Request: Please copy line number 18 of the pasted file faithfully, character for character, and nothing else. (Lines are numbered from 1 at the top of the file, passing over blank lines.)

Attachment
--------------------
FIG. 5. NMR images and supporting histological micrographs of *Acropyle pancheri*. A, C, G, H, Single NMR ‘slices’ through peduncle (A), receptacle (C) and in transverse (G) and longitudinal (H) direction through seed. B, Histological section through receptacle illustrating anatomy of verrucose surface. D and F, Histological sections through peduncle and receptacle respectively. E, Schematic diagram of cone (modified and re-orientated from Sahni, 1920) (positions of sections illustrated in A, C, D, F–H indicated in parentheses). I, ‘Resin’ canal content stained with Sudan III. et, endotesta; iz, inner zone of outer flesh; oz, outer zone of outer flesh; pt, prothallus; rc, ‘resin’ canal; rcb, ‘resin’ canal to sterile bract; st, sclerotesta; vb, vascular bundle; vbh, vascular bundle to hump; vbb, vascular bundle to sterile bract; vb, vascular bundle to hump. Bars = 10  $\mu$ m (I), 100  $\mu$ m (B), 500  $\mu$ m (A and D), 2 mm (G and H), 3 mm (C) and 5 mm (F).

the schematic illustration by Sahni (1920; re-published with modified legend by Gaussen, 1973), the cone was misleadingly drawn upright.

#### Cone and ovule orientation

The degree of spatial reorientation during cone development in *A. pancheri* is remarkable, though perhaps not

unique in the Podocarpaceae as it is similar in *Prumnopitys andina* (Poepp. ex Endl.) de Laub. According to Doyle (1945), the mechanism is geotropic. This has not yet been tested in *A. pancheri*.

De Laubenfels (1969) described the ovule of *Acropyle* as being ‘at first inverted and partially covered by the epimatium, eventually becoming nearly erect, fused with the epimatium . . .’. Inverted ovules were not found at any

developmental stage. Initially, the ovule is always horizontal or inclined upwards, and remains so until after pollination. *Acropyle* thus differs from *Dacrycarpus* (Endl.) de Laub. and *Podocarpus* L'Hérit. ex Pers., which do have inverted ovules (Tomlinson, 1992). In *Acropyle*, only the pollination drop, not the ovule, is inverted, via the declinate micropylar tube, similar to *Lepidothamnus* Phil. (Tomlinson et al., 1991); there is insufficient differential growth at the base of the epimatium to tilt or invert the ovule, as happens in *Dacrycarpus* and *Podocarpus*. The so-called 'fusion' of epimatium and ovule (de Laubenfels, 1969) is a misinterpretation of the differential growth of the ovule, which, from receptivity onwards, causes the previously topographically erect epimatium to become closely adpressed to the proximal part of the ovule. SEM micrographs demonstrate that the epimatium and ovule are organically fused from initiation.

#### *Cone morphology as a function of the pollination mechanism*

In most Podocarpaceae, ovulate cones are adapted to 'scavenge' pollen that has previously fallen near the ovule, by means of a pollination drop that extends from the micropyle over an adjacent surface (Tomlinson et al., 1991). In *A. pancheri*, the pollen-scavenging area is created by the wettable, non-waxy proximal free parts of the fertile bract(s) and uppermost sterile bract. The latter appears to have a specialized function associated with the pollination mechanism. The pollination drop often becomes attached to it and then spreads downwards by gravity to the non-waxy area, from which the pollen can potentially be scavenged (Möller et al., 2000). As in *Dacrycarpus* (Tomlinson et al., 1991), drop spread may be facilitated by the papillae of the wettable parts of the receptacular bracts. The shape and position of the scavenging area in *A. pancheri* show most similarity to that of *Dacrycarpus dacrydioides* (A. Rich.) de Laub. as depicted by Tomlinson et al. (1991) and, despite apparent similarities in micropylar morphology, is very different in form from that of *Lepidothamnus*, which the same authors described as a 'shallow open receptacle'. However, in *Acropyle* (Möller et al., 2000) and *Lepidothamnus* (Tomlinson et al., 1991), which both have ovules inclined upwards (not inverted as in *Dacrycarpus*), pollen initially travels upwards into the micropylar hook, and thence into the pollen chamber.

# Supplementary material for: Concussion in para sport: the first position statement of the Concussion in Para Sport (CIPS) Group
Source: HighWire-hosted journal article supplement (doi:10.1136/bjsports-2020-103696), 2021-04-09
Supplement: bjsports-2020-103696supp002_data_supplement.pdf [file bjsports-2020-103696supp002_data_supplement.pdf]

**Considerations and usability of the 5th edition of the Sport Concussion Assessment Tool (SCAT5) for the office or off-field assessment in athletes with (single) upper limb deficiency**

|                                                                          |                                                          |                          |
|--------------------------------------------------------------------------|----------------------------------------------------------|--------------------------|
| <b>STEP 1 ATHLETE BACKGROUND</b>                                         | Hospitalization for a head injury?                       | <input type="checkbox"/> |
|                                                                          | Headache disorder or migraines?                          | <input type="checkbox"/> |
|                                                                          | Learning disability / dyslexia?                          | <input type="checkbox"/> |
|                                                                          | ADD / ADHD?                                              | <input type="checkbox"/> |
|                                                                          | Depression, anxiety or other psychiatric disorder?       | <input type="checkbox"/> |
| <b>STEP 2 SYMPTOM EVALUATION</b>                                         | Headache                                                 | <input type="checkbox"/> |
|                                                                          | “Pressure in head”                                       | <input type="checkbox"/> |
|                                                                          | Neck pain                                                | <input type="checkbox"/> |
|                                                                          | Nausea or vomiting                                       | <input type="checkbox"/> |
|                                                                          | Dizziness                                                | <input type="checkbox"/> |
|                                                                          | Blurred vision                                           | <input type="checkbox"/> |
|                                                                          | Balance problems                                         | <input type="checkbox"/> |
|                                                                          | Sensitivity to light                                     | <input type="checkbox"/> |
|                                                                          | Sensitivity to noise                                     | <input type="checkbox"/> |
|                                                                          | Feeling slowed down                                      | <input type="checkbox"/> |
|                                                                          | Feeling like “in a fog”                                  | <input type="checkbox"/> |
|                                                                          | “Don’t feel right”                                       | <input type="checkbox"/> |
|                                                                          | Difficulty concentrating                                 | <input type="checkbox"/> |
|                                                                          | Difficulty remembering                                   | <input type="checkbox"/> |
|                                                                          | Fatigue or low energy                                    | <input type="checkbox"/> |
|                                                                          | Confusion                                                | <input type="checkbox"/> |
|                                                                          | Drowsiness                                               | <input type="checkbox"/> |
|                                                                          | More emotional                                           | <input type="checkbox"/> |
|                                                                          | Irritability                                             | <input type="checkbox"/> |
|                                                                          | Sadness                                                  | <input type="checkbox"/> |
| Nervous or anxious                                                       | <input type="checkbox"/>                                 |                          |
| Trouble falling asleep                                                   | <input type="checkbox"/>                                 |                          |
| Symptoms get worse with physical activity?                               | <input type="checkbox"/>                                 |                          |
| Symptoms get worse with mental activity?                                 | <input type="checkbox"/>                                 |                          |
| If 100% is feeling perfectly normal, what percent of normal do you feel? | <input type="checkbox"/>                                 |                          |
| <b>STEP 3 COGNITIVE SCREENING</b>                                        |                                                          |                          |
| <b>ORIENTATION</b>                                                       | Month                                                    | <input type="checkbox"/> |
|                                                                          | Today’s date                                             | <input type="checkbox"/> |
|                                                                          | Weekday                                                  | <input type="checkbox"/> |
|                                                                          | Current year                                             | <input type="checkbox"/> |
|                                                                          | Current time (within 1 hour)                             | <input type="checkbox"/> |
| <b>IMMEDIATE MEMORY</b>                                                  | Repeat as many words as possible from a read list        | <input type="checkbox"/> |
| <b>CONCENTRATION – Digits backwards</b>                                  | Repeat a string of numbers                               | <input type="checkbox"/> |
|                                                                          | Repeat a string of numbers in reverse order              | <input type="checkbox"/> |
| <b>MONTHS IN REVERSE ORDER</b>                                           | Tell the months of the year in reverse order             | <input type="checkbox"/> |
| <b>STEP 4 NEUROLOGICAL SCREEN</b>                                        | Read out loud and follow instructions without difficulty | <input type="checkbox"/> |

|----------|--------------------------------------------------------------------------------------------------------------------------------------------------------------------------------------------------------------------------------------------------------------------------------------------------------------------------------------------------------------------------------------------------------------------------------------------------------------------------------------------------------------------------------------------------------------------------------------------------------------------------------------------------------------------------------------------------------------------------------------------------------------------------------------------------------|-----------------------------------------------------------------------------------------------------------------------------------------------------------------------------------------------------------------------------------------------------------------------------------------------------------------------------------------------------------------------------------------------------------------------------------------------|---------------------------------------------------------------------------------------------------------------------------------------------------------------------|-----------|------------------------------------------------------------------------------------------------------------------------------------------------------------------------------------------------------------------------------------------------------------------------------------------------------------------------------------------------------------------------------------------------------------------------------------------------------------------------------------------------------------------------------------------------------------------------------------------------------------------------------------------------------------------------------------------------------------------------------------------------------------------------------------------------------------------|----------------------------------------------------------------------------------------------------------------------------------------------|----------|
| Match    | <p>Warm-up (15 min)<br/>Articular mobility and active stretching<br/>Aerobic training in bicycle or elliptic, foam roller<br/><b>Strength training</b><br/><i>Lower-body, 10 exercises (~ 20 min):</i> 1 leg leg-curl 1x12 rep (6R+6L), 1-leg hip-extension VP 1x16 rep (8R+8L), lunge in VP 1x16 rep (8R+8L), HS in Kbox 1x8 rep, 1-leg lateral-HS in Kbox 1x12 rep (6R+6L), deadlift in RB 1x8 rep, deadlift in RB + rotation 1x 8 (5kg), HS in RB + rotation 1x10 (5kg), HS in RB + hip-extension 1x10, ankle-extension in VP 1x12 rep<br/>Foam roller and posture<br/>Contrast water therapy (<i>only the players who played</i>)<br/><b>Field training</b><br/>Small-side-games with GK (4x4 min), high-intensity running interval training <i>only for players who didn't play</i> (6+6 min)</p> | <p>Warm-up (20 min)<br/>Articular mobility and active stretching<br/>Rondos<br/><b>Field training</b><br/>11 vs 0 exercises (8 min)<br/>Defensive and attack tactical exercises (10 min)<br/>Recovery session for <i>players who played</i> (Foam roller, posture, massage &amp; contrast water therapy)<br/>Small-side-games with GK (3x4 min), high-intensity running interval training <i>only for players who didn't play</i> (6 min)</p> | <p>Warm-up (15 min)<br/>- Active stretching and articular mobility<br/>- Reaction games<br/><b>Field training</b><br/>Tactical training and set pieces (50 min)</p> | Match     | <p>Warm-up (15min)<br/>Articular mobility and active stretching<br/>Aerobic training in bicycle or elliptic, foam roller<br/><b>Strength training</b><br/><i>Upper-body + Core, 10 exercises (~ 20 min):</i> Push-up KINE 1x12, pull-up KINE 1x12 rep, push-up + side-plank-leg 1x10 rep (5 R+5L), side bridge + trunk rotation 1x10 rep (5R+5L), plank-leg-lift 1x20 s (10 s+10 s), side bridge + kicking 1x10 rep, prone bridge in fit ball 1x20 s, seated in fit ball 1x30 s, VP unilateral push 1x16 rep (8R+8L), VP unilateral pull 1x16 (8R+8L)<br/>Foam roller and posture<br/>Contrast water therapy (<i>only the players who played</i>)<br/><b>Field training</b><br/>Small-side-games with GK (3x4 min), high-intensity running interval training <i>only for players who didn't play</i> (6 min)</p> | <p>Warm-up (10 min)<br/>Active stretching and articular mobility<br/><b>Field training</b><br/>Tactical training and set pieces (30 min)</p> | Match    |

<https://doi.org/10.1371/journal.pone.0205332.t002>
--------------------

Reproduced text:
|                                                                          | Learning disability / dyslexia?                          | <input type="checkbox"/> |